As it was all our of first times in Madrid, it was a very touristy weekend. I felt like I was backpacking Europe, because we had a list of things to see and a schedule to make it all happen! This would be a pretty good plan to follow if you’re going to visit Madrid for a weekend, as I feel like we got a lot done and saw a lot!

Friday [Day 1]: By the time we took the bus to Madrid and checked into our hostel, it was late afternoon. We decided to visit Plaza Mayor and La Latina. La Latina is a neighborhood in Madrid known for its food and nightlife. We knew that that night, we had to get some Mojitos, as Madrid is apparently famous for them! Who knew? It was Christmas time, so there were also no shortage of beautiful lights and markets to gaze at as we walked through the streets to get to La Latina.

Plaza Mayor at Night

Plaza Mayor at Night

Saturday [Day 2]: Saturday was our sight seeing day. We started the day off with a walking tour or Madrid, where we saw a lot of the main places and learned about the history of Madrid. One of the best parts about staying at backpacker hostels when you visit places is that they always have activities and free walking tours. The walking tours can be hit or miss, and our tour guide was a little dry (aka he was 45 minutes late, I think he woke up 5 minutes before the tour and he seemed to be battling a pretty bad hangover), but at the end of the day, when you are sightseeing it is easier to have somebody leading you around, than to be struggling with a map with limited time in an unknown city. Don’t get sightseeing confused with wandering though. If you have lots of time and no huge places to see, get lost wandering and explore!

Did you know Madrid is the home of the Guiness book record for oldest restaurant in the world? Well now you do! Located in La Latina is Sobrino de Botin, the Guiness book record holder. Once you get over the pig legs and various parts hanging everywhere when you walk in, it is a cute, enchanting restaurant. It looks small, but there is also a basement and even an old, wine cellar.

sobrinodebotin

My favorite part of the tour was seeing the Royal Palace of Madrid. I love everything about castles and palaces and royal families! It was so beautiful that I didn’t even need to put an instagram filter on it. THAT IS WHEN YOU KNOW!

royalpalace

The walking tour ended on Gran Via, the main shopping street in Madrid. If you are American and missing the USA, just go to Gran Via in Madrid. It has Starbucks, McDonalds, TGI Fridays, etc. It has more than just food though! It has a nice mix of high end and affordable European shopping. We also decided to eat a late lunch, where I finally tried PAELLA!

paellamadrid

After shopping, eating and wining on Gran Via, we walked to Puerta del Sol (and saw the most giant, outrageous Corte Ingles) and then to Parque Del Buen Retire (aka the “Central Park” of Madrid). We spent our time meandering through the park, stopping to take pictures and jump in leaves. We even saw a lady who had at least 20 cats with her. I obviously wanted to get a picture of this and send it to my cat loving friends, but the instant I pulled out my iPhone to snap a picture, she started jumbling words in spanish and when I heard the word “dinero” thrown in there, it became clear that if you took a picture, you had to give her money. So that happened.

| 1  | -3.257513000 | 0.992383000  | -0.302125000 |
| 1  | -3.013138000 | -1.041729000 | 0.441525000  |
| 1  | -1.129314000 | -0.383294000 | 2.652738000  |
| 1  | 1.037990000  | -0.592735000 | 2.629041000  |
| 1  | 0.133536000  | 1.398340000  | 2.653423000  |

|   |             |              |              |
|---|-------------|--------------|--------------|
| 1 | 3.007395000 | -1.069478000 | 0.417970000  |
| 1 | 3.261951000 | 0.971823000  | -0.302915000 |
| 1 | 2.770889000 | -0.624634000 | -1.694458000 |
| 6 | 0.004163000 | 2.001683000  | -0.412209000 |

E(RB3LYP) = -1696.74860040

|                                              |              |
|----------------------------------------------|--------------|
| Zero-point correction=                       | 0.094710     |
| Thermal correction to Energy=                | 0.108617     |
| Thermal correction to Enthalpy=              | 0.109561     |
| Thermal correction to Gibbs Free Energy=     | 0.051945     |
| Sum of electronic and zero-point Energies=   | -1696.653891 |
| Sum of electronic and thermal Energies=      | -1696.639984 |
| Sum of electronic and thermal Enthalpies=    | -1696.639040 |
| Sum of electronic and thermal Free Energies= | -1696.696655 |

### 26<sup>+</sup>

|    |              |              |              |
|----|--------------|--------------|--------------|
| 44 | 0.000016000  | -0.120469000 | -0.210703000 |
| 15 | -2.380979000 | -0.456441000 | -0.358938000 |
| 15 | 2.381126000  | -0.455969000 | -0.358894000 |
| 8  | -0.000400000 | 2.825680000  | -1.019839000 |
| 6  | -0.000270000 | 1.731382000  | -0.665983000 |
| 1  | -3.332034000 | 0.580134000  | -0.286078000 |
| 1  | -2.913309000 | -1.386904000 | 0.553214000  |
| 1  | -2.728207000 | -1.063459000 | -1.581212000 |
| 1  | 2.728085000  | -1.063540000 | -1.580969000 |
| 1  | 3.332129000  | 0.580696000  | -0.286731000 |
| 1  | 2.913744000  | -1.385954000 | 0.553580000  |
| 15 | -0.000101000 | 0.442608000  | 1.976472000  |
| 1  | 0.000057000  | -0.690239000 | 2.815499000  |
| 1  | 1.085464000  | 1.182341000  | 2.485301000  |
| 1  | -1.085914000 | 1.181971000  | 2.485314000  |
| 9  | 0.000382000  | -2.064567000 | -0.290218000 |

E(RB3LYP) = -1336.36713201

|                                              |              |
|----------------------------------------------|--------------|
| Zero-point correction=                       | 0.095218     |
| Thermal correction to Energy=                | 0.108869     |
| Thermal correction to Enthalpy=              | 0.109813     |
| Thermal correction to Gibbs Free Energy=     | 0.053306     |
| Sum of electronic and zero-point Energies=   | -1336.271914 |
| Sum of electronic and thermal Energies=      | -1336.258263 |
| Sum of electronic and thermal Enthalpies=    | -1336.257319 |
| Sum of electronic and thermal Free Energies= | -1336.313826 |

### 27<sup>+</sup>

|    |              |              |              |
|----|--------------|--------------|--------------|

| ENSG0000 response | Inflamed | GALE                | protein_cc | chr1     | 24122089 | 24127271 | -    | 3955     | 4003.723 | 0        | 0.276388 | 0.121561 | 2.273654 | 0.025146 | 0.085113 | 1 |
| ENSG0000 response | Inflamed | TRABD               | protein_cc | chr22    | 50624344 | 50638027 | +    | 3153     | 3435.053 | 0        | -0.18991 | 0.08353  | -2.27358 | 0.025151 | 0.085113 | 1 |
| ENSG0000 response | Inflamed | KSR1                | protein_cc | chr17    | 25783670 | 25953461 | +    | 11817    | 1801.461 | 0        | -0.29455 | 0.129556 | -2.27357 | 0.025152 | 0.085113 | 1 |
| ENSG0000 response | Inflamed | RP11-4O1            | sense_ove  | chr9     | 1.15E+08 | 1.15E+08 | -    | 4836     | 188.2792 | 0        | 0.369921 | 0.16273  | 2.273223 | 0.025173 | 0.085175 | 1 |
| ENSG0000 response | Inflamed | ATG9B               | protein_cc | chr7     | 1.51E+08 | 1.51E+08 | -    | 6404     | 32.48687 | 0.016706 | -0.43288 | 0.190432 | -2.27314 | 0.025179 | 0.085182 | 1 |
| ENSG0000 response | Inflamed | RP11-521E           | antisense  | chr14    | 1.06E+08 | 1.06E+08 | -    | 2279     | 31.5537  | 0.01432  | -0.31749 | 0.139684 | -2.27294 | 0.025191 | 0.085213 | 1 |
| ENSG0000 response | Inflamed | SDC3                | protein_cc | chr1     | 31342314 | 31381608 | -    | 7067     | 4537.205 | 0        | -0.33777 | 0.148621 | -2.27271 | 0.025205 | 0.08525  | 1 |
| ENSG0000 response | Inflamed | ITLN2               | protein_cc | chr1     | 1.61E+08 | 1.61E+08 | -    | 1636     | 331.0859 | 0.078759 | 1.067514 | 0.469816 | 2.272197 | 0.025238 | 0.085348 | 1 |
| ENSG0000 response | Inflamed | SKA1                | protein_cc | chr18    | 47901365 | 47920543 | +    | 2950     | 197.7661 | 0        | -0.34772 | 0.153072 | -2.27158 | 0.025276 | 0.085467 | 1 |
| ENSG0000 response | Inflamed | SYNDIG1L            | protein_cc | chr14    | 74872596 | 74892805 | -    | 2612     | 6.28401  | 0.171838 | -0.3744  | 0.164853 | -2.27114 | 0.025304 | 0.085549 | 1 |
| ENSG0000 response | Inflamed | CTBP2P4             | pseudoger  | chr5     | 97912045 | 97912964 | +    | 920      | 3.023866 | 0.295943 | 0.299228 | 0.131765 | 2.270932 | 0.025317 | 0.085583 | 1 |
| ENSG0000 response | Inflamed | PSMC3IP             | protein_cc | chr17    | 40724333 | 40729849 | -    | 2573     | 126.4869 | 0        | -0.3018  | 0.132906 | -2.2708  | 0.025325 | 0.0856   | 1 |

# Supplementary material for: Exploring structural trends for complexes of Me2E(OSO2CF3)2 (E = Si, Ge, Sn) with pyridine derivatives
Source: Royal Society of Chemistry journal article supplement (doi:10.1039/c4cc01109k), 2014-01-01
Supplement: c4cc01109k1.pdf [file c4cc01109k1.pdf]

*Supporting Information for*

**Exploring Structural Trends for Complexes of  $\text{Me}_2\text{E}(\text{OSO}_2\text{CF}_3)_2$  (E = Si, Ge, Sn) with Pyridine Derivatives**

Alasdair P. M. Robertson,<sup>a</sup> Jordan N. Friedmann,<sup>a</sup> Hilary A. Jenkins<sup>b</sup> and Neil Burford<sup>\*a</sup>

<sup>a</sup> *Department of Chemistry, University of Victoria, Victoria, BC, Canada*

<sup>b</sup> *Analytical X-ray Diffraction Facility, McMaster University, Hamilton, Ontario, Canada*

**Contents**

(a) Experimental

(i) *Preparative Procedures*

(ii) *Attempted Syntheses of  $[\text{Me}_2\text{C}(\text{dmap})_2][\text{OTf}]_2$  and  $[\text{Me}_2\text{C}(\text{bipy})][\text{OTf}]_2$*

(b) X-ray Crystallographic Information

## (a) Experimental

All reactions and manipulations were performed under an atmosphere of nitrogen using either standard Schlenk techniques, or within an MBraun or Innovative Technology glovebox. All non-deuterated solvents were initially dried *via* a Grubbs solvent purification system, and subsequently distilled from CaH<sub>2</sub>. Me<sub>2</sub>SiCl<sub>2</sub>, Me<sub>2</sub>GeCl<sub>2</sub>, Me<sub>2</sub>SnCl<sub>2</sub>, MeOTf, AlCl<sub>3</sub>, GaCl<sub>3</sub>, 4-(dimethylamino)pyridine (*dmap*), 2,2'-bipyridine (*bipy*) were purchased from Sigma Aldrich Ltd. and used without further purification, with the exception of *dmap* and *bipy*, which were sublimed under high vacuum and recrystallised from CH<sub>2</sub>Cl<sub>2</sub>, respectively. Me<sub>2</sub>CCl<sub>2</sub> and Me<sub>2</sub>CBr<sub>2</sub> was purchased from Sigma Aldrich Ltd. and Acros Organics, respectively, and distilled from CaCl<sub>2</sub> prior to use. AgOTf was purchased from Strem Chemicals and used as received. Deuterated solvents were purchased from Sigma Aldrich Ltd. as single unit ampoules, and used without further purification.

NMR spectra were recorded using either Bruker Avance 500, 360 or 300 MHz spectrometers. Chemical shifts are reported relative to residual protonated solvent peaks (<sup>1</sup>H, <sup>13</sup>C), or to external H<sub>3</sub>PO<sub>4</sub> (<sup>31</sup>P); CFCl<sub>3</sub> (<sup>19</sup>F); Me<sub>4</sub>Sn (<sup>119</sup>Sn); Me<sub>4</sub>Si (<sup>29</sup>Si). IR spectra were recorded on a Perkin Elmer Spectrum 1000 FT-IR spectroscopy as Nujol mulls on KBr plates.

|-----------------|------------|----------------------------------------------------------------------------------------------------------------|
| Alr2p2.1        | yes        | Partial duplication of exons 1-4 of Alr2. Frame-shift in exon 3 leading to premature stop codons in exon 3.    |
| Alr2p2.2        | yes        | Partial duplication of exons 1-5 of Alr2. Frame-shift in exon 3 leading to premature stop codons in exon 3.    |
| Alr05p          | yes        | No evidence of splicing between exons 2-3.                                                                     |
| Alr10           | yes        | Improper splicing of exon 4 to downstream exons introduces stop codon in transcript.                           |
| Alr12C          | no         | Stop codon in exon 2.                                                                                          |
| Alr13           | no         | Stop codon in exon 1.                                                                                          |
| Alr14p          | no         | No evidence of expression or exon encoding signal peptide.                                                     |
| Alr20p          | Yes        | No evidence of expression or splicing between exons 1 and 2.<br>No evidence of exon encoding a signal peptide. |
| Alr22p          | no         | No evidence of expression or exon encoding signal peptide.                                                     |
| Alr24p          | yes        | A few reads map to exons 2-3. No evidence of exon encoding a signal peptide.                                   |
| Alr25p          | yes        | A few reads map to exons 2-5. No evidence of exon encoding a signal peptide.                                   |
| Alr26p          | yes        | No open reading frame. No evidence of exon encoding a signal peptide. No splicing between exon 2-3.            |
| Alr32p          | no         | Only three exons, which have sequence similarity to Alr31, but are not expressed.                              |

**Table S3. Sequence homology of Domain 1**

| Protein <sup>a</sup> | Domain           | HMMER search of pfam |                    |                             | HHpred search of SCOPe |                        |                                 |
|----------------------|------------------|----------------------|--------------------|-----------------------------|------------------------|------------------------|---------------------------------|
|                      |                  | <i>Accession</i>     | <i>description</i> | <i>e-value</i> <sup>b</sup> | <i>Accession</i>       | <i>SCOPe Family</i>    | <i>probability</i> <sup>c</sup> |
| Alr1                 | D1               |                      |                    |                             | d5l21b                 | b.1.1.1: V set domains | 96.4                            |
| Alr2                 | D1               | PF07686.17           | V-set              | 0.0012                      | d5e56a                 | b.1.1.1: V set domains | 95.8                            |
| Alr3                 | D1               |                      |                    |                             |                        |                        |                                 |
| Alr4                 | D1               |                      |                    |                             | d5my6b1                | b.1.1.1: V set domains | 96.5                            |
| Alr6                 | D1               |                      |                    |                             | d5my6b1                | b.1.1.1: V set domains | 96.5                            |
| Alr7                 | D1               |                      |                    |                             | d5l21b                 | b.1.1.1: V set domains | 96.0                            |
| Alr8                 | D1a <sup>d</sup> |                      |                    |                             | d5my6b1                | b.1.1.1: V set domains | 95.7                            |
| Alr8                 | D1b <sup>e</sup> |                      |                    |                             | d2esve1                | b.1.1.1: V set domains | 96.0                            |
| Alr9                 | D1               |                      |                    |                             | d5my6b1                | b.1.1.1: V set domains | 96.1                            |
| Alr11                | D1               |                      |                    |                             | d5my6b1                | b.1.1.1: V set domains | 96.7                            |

photo cred: my friend Katie :)

photo cred: my friend Katie :)

Our main reason of going to Parque Del Buen Retiro was to go on a boat ride during sunset in Estanque (the pond in the park). At 5:50pm, after about an hour or two of being in the park, we got to Estanque and found the entrance to the boat rides. Unlucky for us, they stopped giving boat rides at 5:45pm! Mierda. We decided we would go the next morning instead.

Because it was a Saturday, the Museo de Prado was free from 6-8pm and it is right next to Parque Del Buen Retiro, so we went there to get our dose of art history. Most museums in cities will either be free or have certain days/times that they are free, so definitely look into that before you go to cities to save you a few euros! 

That night, we explored Madrid’s nightlife and went to Kapital, a 7 story club. In typical spanish style, we didn’t get back to the hostel until 7am and were bruptly awoken by the Dutch girl staying in our room packing her things. It was 10:20am and apparently, we had 10 minutes to check out of the hostel or we would have to pay extra! I’ve never seen 3 girls who went out clubbing the night before move more quickly in my life.

Sunday [Day 3]: After managing to pull ourselves together in roughly 10 minutes, we were walking the streets of Madrid! We had planned on going to Parque Del Buen Retiro, but the last thing any of us wanted to do was sway in a rocking boat that morning. So instead, we decided to visit a Mercado de San Miguel, which we had walked past on our walking tour. The market was nice and had lots of different food vendors!

mercadodesanmiguel

We really wanted chocolate con churros though, and couldn’t find that in the mercado, so we went across the street to a cafe conveniently named Chocolate y Churros, located at 54 Calle Mayor. 

After indulging in chocolate con churros and regaining some energy, we walked through Madrid some more, just wandering and shopping. Next to one of the Christmas markets, we came across this adorable store called No Dejes de Sonar (Don’t Stop Dreaming). It was filled with little sticky notes that people left with motivational quotes and inspiring words. It also had lots of cute decor, and would be the perfect store to buy a unique gift at. I couldn’t find a webpage for it, but it is located on Calle las Huertas in Plaza Jacinto Benavente.